Rapid treatment for high-risk pulmonary embolism
A high-risk pulmonary embolism can be fatal if not treated promptly. Our radiology specialists use advanced dual-energy CT to rapidly diagnose the presence, location and extent of the clot most accurately in the lungs and offer two minimally invasive procedures to treat the condition.
Pulmonary embolism: A life-threatening problem
A pulmonary embolism (PE) can occur when one or more emboli – usually arising from a blood clot in the deep veins of the legs – become lodged in the pulmonary arterial system.
The exact prevalence of the condition is unknown as PE can be challenging to diagnose with a wide spectrum of symptoms- ranging from asymptomatic, in the case of small PE, to sudden death if the PE is large.
Across this spectrum, PE is one of the most common cardiovascular diseases in developed countries – third only to heart attacks and strokes.
In the UK, the annual incidence of diagnosed PE is 7-8 per 10,000 people, with 47,594 cases reported during the 1-year period between 2013 and 2014 (the most recent report).
High-risk PE occurs when the pulmonary circulation is suddenly obstructed. To compensate for this, the right ventricle works harder to increase pulmonary systolic pressure. This puts strain on the thin-walled right ventricle which normally works against low pressure.
If this increase in right ventricular output cannot be sustained, it can lead to right heart failure and death. The overall mortality rate for high-risk pulmonary embolism can reach up to 65%, with treatment lowering this to 20%. It is therefore imperative that patients receive treatment to remove the obstruction swiftly.
The clinical classification of PE severity is based on mortality risk. This classification determines the type of treatment patients receive. “High-risk” PE is defined as a PE which causes a sustained systolic blood pressure less than 90 mmHg. In this situation, reperfusion is the goal of care, either through systemic (i.e. thrombolytic) or localised treatment of the PE (i.e. surgical or catheter-directed therapies).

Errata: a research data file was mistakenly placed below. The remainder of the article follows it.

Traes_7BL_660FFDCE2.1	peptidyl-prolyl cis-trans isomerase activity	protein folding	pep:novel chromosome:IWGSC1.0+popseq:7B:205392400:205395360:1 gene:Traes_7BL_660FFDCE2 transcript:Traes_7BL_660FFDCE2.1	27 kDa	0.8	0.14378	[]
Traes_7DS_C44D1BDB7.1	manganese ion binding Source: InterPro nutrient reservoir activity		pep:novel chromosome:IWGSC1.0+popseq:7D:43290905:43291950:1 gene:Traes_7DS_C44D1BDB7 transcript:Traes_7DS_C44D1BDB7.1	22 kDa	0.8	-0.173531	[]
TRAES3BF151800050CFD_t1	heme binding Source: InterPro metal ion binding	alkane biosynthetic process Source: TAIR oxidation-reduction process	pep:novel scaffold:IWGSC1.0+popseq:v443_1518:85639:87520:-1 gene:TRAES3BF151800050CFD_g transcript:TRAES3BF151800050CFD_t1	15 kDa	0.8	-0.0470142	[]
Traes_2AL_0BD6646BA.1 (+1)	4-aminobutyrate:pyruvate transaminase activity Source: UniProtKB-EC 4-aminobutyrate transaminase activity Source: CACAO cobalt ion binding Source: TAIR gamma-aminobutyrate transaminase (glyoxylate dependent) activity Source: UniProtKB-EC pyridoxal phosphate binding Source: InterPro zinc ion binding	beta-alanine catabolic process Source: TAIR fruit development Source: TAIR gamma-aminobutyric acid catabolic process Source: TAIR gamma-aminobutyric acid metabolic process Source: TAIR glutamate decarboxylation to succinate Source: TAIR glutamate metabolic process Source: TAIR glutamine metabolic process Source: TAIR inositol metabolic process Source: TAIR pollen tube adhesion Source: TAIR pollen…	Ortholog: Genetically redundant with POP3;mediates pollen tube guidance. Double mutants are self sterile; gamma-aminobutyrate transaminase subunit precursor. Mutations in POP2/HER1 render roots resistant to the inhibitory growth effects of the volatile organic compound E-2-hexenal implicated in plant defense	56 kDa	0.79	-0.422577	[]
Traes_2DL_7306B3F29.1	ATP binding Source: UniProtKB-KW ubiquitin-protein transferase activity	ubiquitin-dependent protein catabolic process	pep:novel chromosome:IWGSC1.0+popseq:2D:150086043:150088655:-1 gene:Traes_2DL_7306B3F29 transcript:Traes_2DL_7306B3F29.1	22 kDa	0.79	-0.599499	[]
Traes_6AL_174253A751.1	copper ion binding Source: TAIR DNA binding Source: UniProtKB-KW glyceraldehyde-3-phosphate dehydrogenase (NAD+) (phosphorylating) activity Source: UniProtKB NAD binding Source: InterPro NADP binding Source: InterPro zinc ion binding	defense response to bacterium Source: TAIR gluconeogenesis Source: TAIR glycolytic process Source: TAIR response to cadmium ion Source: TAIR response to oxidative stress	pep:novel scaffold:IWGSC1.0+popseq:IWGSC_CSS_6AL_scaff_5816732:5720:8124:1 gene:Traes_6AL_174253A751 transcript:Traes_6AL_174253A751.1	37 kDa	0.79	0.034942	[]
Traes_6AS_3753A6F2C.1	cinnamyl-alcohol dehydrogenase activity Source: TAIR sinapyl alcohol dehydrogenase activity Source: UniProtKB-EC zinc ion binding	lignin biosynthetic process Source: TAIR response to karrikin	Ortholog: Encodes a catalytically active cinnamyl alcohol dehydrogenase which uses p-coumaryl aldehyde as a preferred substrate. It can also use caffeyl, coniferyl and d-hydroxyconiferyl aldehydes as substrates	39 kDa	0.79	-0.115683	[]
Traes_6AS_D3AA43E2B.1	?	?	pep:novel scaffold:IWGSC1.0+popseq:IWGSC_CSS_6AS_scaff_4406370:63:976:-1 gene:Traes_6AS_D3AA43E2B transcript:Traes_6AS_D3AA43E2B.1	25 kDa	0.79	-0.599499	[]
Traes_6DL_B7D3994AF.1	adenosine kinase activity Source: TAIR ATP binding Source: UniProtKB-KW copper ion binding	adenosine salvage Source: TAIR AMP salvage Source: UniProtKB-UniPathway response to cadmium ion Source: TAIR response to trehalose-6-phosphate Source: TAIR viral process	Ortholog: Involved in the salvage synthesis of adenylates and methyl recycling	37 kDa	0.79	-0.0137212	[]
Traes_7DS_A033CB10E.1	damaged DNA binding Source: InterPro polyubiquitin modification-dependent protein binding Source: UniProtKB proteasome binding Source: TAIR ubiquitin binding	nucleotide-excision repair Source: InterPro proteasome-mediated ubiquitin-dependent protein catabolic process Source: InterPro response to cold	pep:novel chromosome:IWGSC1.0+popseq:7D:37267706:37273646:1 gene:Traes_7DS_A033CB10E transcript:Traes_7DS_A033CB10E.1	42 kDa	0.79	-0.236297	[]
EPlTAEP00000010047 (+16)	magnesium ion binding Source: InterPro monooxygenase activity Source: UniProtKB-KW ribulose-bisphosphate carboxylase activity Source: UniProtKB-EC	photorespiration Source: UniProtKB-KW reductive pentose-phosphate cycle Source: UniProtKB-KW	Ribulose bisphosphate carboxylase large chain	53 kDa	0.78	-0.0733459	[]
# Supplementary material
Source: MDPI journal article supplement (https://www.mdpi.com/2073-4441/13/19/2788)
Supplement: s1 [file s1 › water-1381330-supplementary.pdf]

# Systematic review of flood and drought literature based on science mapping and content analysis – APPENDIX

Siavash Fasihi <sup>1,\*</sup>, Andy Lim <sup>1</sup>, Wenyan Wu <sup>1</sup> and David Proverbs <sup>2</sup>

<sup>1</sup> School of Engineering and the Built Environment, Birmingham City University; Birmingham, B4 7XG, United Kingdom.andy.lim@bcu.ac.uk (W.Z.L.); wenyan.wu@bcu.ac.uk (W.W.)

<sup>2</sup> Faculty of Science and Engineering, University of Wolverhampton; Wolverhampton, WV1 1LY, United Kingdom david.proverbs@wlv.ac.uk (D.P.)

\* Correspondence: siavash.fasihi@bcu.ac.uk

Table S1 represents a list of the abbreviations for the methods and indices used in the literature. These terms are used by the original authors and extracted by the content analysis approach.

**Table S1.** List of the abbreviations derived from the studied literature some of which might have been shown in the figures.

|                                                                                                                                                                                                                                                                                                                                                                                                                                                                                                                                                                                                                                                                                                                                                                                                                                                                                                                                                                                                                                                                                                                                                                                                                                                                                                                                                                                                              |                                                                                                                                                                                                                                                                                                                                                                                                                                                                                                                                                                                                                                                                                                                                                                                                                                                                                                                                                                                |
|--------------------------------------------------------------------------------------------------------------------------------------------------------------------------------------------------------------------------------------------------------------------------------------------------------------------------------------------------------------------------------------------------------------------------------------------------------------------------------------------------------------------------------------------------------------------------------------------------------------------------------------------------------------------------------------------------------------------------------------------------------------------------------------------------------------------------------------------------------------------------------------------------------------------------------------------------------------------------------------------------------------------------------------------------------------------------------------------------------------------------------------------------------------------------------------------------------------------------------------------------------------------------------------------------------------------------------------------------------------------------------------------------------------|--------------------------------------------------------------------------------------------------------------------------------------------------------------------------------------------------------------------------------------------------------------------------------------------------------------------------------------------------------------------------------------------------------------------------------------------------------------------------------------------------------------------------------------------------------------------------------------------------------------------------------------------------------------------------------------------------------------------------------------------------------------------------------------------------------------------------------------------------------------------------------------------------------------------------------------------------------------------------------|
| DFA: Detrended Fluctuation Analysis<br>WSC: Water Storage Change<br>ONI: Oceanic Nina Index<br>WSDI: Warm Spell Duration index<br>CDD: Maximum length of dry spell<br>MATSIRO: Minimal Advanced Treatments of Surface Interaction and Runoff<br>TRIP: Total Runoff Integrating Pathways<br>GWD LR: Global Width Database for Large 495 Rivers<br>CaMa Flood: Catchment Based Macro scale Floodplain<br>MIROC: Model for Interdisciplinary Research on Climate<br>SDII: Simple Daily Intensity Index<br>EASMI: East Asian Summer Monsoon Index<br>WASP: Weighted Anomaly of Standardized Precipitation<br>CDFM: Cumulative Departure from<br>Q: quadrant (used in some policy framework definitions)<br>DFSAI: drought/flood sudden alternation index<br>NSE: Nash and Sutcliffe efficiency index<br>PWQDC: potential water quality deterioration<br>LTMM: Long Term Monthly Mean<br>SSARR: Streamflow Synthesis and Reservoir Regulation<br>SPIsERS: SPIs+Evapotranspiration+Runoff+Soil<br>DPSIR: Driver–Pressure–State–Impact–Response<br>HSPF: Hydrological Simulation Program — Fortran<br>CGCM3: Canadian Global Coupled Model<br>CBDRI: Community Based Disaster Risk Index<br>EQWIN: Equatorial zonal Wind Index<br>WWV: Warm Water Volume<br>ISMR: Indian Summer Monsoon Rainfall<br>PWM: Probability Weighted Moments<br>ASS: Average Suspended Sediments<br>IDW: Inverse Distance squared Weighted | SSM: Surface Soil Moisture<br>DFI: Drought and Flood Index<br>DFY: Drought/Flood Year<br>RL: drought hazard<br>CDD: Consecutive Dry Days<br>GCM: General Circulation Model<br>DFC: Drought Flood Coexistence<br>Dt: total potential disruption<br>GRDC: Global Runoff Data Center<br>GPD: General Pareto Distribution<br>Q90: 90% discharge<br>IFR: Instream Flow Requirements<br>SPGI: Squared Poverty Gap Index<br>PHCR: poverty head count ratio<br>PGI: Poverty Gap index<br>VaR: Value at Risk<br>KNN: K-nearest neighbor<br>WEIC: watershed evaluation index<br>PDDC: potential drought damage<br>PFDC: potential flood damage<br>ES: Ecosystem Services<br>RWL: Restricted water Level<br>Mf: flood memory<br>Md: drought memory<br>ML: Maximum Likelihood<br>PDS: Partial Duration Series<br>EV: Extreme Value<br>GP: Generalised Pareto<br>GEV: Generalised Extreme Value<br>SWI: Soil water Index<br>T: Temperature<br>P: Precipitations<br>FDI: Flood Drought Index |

If patients do not exhibit systolic hypotension but exhibit other features of shock and/or have pre-existing conditions which may contribute to a worse outcome, this is assessed using a PE severity index (PESI) and if this score is significantly elevated, the patient may be stratified as “Intermediate-high-risk”.
Intermediate-high-risk PE consists of relative hemodynamic stability with a high PESI score, right ventricular dysfunction, and positive cardiac biomarkers. Intermediate-high-risk PE is primarily treated with anticoagulation. If, however, anticoagulation is contraindicated, or if haemodynamic compromise develops, catheter directed therapies are recommended.
Improving diagnostic accuracy with dual-energy CT
Given the broad range of symptoms experienced with acute PE, clinical evaluation can be limited in achieving a diagnosis.
Some clinical features can increase the likelihood of PE, including a family history, certain cancers (such as lung and ovarian cancer), long-term immobility (such as that experienced with long-haul flights and prolonged bed rest), pregnancy, oral contraceptive therapy and COVID-19 infection.